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climate change

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Michelle Goldberg

Liberals want leftwing votes, but they dismiss leftwing goals. Michelle Goldberg says Democrats must “court” nihilistic leftists, but what does courtship mean? Supporting a warmonger, Hillary Clinton, because she’s a foreign policy genius. And the same on health care and the climate crisis: we are supposed to settle for policies that are at best inadequate and at worst catastrophic. Who are the nihilists here?

U.S. Army Sgt. stands guard duty near a burning oil well in the Rumaylah Oil Fields in Southern Iraq, Apr. 2, 2003. (Photo: US Navy/Wikimedia)

The Anthropocene is a proposed new geological epoch which designates a shift to a planetary age dominated by human impacts across the geological processes of the Earth. But the Anthropocene is about far more than just climate change. It is about an entire system of life, whose design is to maximise resource extraction at the expense of expendable ‘Others’, and it is inseparable from the ceaseless sequence of industrial wars, culminating in today’s permanent state of the endless ‘war on terror’.

Activists with the organization Extinction Rebellion block the streets outside the Bank of England on April 25, 2019. (Photo: Mike Kemp via Getty Images)

The rise of populism in both its rightwing and leftwing manifestations, and the more general political polarization in our societies, are the symptoms of a breakdown in trust, a collapse of consensus, a rupture of the social contract. Jonathan Cook says today we desperately need the populism of Extinction Rebellion, of Greta Thunberg and the school strikes, of politicians prepared to stand by a Green New Deal and declare real climate emergencies.

Drone footage of displaced family tents in one settlement in Badghis, Afghanistan, due to ongoing drought and climate change. There are thousands of makeshift homes spread between mountain hills on the outskirt of Qala-i-naw city. (Photo: Norwegian Refugee Council/Enayatullah Azad)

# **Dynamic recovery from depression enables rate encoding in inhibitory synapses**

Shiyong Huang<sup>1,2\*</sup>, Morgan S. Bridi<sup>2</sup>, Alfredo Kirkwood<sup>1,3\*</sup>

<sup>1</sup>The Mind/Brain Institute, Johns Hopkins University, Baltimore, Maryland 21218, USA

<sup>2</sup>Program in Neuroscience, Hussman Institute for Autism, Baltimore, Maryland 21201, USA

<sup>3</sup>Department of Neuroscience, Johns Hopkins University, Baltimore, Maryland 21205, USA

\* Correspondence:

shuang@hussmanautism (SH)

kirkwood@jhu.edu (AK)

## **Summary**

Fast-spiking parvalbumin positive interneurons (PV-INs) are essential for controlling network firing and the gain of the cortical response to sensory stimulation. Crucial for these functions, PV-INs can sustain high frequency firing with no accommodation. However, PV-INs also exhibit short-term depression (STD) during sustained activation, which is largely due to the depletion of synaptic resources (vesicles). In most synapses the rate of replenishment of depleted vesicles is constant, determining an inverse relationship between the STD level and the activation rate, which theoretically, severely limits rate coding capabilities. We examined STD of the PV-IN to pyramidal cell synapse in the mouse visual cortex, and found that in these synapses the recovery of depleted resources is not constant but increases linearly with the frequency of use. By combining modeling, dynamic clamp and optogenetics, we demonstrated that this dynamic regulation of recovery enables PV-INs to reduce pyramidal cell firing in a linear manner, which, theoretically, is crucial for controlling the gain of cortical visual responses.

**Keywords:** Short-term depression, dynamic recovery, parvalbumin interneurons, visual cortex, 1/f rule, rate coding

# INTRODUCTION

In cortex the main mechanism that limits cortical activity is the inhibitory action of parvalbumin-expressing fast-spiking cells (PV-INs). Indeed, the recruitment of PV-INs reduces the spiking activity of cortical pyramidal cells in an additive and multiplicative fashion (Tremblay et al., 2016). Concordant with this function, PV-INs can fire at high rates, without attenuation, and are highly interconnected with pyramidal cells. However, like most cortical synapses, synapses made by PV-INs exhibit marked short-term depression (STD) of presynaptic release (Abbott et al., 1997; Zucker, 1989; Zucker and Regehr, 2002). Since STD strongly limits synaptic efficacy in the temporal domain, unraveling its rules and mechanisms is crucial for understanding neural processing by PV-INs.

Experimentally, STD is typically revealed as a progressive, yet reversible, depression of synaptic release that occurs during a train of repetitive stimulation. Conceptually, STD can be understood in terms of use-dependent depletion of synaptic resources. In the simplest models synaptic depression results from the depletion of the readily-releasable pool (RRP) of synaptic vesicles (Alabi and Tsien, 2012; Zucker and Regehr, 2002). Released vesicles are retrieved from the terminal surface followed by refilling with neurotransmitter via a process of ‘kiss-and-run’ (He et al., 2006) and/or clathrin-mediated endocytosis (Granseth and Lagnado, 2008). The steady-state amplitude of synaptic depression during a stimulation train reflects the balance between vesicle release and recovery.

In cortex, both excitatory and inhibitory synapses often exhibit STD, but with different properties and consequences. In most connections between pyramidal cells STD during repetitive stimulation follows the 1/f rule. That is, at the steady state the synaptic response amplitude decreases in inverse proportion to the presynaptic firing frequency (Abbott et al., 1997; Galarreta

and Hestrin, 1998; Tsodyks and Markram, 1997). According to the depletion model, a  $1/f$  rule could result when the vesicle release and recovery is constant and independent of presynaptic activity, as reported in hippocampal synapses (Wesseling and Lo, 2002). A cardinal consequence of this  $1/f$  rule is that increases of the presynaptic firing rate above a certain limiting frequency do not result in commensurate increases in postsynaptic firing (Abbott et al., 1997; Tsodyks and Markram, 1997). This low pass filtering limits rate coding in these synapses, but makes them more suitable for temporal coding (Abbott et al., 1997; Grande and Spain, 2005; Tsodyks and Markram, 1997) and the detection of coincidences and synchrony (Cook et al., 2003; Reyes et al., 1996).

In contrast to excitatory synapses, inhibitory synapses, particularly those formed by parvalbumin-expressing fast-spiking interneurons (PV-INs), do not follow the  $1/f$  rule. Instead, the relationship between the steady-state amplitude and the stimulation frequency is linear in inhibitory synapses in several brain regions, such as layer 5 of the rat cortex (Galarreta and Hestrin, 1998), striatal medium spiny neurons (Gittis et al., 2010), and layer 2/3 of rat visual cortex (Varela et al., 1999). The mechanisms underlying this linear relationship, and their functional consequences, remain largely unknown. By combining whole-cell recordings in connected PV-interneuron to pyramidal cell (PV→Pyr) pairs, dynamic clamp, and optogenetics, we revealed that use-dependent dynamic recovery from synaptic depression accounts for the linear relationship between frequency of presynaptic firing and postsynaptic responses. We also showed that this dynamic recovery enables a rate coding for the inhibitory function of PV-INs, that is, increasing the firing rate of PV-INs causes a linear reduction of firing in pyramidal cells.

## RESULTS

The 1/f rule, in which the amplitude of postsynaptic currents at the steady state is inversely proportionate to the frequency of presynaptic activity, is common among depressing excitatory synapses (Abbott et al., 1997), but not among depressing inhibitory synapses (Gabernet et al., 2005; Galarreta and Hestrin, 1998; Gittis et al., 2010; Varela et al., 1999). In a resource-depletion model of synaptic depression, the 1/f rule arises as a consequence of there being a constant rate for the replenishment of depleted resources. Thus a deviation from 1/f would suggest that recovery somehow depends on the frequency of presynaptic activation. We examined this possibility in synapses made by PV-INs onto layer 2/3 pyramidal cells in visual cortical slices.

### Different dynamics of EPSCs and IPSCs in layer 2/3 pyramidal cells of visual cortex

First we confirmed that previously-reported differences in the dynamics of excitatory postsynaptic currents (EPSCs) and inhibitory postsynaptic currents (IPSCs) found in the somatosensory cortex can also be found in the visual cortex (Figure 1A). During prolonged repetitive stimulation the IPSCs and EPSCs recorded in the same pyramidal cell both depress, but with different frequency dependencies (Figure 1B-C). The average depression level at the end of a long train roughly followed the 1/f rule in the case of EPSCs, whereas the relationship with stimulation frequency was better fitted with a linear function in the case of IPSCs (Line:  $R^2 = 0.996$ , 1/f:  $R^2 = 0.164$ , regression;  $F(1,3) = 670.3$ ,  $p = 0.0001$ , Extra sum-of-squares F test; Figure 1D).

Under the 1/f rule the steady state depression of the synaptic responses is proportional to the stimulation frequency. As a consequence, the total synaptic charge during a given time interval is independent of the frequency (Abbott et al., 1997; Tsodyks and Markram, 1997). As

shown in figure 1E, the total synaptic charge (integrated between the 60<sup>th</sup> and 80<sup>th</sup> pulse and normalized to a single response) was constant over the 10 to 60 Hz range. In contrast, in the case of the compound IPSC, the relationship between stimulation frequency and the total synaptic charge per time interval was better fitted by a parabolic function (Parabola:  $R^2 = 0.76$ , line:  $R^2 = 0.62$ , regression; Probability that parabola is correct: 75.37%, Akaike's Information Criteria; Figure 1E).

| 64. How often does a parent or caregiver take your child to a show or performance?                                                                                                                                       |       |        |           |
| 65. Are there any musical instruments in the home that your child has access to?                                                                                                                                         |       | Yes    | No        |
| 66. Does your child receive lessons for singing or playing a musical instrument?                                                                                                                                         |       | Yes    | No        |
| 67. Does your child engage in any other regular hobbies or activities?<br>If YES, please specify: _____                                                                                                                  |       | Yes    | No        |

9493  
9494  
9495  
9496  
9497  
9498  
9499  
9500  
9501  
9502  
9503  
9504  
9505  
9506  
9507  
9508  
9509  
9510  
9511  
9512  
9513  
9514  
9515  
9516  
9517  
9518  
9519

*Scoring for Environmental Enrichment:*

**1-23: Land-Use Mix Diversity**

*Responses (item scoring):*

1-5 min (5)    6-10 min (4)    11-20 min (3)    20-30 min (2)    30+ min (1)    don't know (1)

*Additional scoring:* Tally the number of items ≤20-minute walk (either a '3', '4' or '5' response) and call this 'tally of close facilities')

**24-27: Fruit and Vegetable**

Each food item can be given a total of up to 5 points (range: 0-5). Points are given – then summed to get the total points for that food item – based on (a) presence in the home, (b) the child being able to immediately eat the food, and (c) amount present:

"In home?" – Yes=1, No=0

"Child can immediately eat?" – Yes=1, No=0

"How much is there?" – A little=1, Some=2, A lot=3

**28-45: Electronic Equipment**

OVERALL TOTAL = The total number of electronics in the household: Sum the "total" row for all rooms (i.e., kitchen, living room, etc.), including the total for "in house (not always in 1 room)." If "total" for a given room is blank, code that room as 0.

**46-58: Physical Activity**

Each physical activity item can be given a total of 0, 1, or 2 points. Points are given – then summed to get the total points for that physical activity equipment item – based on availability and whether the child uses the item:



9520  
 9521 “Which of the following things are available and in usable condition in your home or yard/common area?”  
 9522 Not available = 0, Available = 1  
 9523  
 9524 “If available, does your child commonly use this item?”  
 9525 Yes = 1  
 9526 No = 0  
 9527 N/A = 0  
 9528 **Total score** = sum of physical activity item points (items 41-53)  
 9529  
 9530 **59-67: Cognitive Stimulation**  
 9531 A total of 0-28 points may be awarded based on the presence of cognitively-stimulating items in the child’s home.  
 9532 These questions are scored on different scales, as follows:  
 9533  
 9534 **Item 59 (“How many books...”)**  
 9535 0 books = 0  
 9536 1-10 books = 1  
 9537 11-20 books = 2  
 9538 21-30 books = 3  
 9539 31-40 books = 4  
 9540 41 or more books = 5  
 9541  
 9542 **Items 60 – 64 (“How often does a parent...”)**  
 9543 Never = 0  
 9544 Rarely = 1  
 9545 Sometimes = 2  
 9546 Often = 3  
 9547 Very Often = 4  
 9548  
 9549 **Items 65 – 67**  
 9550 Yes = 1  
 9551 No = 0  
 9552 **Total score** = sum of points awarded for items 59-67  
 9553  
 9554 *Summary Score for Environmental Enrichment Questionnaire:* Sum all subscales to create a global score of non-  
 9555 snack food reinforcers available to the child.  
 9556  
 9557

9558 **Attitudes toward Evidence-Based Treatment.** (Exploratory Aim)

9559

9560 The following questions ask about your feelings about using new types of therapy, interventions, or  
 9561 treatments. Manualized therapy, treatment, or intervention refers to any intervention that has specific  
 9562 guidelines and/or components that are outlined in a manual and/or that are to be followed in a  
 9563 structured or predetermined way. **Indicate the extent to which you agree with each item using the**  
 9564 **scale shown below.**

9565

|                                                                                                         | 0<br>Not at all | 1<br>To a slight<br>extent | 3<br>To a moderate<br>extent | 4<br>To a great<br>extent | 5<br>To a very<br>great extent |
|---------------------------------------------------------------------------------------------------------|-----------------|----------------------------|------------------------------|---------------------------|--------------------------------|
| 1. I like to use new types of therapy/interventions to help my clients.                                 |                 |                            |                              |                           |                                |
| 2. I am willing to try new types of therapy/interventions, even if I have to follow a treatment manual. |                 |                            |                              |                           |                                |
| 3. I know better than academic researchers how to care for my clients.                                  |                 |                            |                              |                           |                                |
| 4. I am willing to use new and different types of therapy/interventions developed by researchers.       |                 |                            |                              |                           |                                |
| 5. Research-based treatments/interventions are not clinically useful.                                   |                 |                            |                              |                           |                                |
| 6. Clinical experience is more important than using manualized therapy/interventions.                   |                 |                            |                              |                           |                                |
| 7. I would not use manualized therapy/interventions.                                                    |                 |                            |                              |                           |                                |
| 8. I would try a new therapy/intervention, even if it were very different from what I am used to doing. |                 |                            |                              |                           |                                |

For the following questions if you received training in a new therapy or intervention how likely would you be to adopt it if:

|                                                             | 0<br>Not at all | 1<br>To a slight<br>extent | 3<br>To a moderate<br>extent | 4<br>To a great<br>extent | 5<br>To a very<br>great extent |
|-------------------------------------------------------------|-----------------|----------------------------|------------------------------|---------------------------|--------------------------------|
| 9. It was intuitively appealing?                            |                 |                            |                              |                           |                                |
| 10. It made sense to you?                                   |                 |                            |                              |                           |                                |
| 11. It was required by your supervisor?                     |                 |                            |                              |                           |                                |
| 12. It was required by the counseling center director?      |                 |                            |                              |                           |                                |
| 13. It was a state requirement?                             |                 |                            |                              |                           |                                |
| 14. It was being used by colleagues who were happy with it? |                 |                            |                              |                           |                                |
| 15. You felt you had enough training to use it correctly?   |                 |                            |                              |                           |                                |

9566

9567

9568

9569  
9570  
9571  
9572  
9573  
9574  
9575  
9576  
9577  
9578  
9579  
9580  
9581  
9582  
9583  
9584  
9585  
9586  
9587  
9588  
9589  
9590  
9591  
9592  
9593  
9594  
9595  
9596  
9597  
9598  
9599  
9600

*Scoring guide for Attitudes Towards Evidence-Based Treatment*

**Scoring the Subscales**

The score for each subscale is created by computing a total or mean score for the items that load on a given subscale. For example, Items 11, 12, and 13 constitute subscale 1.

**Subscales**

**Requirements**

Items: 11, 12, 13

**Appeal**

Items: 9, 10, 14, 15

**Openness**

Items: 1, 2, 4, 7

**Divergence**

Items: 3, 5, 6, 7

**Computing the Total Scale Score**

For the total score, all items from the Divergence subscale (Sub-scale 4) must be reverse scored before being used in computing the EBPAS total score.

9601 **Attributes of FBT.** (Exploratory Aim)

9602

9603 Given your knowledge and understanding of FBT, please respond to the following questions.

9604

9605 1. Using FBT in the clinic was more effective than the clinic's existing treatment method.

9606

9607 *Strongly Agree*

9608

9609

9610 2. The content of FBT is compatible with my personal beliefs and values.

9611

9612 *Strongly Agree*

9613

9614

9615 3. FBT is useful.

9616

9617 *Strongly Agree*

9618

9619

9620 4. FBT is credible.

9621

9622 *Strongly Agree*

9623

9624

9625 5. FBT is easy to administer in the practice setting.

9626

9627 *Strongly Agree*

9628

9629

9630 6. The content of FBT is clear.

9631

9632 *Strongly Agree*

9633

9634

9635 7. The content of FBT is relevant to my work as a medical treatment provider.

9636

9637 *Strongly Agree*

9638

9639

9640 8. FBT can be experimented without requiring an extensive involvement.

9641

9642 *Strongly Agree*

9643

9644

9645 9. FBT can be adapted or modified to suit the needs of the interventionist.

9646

A recent UN global assessment confirms that the planet is currently experiencing 2,500 conflicts over fossil fuels, water, food and land — conflicts which are therefore directly related to the ongoing collapse of the earth’s biodiversity. Yet, political leaders are preoccupied with the surface symptoms of this fundamental crisis of civilization, rather than the crisis itself.

White stork birds flying in the West Bank city of Jenin, on March 13, 2019. According to the recent IPBES Global Assessment, close to 20 percent of all bird species on Earth are at threat of extinction. (Photo: Shadi Jarar'ah/APA Images)

We are witnessing the loss of biodiversity at rates never before seen in human history. According to the world’s largest assessment of biodiversity nearly a million species face extinction if humans do not fundamentally change our relationship with the natural world. Dr. Michelle Lim says the world’s legal, institutional, and economic systems must be reformed entirely in order to halt the continued loss of nature, and that listening to Indigenous communities is an essential first step.

Palestinian children fill bottles with water from a public tap in Rafah in the southern Gaza Strip, July 1, 2014. Israel had bombed the main water line for al-Shati refugee camp and a sewage plant west of Gaza City. (Photo: Eyad Al Baba/APA Images)

A biosphere refers to the interaction of all living things with the natural resources that sustain them. Mark Zeitoun and Ghassan Abu Sitta write that Gaza has become a “biosphere of war”, where “sanctions, blockades and a permanent state of war affects everything that humans might require in order to thrive, as water becomes contaminated, air is polluted, soil loses its fertility and livestock succumb to diseases. People in Gaza who may have evaded bombs or sniper fire have no escape from the biosphere.”

Palestinian civil defense volunteers help people to travel across flood waters in Gaza City following rain storms, on December 14, 2013. A fierce winter storm shut down much of the Middle East at that time, burying Jerusalem in snow, and flooding parts of Gaza. (Photo: Ashraf Amra/APA Images)

In her recent paper “Climate Change, the Occupation, and a Vulnerable Palestine,” Zena Agha outlines the threat that climate change presents to Palestine, how it is exacerbated by the Israeli occupation, and the steps being taken, or not being taken, to prepare for it. Adam Horowitz talks with Agha about what climate change means for the future of Palestine and the Middle East, and how it should fit into the Palestine solidarity movement agenda.